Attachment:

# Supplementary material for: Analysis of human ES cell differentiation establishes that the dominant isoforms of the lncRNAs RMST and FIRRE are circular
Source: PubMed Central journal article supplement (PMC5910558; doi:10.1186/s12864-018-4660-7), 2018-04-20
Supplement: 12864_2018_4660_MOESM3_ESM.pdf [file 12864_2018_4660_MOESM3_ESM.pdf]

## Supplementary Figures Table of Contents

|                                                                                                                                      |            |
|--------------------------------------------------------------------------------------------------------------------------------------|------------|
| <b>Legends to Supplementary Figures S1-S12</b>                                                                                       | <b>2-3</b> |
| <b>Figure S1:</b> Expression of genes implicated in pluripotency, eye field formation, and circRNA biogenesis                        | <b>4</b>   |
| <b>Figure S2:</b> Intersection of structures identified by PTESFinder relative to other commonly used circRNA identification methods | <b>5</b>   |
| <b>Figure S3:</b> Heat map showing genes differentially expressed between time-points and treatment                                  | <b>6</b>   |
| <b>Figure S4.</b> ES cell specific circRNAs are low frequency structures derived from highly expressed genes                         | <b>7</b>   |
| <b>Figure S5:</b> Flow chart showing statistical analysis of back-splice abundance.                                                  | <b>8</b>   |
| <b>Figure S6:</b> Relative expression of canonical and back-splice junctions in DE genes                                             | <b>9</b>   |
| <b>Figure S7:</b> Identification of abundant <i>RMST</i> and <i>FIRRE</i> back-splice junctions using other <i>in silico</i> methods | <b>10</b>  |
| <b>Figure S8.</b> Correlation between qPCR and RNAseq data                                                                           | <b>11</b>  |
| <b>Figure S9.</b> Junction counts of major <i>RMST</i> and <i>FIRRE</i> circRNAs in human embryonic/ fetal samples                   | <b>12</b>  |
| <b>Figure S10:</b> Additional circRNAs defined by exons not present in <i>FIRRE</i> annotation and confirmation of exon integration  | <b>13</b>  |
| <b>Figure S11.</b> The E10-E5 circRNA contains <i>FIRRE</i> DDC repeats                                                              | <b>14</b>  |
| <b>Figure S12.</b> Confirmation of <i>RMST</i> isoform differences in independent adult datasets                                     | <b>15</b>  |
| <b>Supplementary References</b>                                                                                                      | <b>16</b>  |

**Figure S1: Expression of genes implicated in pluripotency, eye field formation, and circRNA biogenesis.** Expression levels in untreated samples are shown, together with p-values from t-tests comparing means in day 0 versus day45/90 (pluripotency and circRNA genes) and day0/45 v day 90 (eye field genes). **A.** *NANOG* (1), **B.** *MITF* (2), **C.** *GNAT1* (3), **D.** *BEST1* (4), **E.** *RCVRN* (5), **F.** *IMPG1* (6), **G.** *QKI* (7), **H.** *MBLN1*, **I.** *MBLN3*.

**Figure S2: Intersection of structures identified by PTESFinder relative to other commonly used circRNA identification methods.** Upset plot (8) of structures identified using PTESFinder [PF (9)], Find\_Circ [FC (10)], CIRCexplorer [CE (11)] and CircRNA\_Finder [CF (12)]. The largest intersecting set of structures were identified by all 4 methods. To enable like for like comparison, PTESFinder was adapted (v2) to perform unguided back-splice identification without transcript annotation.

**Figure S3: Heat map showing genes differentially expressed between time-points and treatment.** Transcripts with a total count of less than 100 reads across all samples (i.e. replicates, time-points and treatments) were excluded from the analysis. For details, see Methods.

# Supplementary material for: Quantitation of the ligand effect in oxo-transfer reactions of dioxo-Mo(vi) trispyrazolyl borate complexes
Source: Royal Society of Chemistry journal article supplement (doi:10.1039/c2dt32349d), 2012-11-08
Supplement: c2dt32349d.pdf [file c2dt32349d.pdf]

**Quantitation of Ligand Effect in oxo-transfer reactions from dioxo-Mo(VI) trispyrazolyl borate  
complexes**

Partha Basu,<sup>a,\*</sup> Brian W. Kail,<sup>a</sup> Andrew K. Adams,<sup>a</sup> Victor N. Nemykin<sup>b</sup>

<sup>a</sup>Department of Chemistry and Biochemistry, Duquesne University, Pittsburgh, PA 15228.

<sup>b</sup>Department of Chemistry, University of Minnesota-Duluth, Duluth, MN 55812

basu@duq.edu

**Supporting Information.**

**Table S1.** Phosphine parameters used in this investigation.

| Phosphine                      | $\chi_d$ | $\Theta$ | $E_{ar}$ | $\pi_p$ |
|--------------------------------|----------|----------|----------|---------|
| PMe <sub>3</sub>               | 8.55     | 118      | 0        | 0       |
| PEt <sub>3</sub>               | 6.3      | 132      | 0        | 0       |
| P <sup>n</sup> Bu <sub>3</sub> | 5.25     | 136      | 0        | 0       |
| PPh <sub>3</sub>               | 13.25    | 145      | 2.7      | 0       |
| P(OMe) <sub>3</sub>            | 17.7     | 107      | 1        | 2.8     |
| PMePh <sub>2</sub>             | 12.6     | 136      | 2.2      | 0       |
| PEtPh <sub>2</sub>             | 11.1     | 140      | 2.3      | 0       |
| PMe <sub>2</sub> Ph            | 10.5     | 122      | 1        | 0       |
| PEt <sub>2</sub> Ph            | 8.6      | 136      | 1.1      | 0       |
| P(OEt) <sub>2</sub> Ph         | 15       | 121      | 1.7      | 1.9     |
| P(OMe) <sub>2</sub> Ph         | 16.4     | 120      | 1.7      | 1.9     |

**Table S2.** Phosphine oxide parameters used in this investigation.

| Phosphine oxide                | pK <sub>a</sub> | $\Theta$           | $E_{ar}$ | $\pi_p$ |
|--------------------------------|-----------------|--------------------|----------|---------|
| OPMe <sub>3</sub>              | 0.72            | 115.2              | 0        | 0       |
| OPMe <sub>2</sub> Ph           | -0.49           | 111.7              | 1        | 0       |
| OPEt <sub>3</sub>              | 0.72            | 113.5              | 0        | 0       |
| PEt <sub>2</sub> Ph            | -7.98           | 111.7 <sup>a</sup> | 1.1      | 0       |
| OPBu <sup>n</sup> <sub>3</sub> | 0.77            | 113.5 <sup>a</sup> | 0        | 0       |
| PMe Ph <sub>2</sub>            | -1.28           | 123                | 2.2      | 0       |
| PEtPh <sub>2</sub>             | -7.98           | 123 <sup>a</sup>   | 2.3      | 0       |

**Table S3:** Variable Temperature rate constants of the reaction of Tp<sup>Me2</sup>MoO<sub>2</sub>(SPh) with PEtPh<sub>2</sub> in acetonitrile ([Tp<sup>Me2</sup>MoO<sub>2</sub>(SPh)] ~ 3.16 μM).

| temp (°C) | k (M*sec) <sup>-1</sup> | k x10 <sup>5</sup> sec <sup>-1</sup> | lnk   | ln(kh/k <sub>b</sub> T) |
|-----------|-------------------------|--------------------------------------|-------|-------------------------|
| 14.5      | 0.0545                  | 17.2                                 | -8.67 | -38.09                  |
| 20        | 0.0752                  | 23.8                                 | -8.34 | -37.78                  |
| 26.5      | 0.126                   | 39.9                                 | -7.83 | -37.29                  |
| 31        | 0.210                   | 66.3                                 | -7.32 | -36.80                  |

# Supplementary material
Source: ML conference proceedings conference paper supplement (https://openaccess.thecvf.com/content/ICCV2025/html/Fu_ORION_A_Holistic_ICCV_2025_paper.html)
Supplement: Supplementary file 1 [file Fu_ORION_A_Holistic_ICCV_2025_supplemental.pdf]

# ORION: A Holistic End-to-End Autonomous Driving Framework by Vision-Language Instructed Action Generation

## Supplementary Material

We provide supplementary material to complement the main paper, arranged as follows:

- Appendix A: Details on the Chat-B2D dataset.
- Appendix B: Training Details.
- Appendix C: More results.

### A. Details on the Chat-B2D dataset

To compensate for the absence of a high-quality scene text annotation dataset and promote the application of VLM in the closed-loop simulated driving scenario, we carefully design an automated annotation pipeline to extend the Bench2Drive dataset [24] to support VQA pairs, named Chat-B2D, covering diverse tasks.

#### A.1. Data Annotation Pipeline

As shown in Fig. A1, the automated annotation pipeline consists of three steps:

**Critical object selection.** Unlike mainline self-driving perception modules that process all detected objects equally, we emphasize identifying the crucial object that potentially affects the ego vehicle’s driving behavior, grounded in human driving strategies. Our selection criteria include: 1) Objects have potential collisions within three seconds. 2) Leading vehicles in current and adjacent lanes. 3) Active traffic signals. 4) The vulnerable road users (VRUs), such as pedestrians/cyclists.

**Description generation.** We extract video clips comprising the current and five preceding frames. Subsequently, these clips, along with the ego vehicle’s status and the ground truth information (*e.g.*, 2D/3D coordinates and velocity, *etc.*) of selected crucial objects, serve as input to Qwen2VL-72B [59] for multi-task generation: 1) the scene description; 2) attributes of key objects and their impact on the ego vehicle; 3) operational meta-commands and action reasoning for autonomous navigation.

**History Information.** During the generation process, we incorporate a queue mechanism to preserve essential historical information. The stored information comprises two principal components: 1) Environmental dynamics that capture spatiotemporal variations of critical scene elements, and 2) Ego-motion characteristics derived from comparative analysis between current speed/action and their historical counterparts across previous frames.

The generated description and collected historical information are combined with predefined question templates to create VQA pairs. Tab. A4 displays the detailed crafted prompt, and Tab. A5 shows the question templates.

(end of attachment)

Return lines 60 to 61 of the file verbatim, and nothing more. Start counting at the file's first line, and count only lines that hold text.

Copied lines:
|-----------|-------------------------|--------------------------------------|-------|-------------------------|
| 14.5      | 0.0545                  | 17.2                                 | -8.67 | -38.09                  |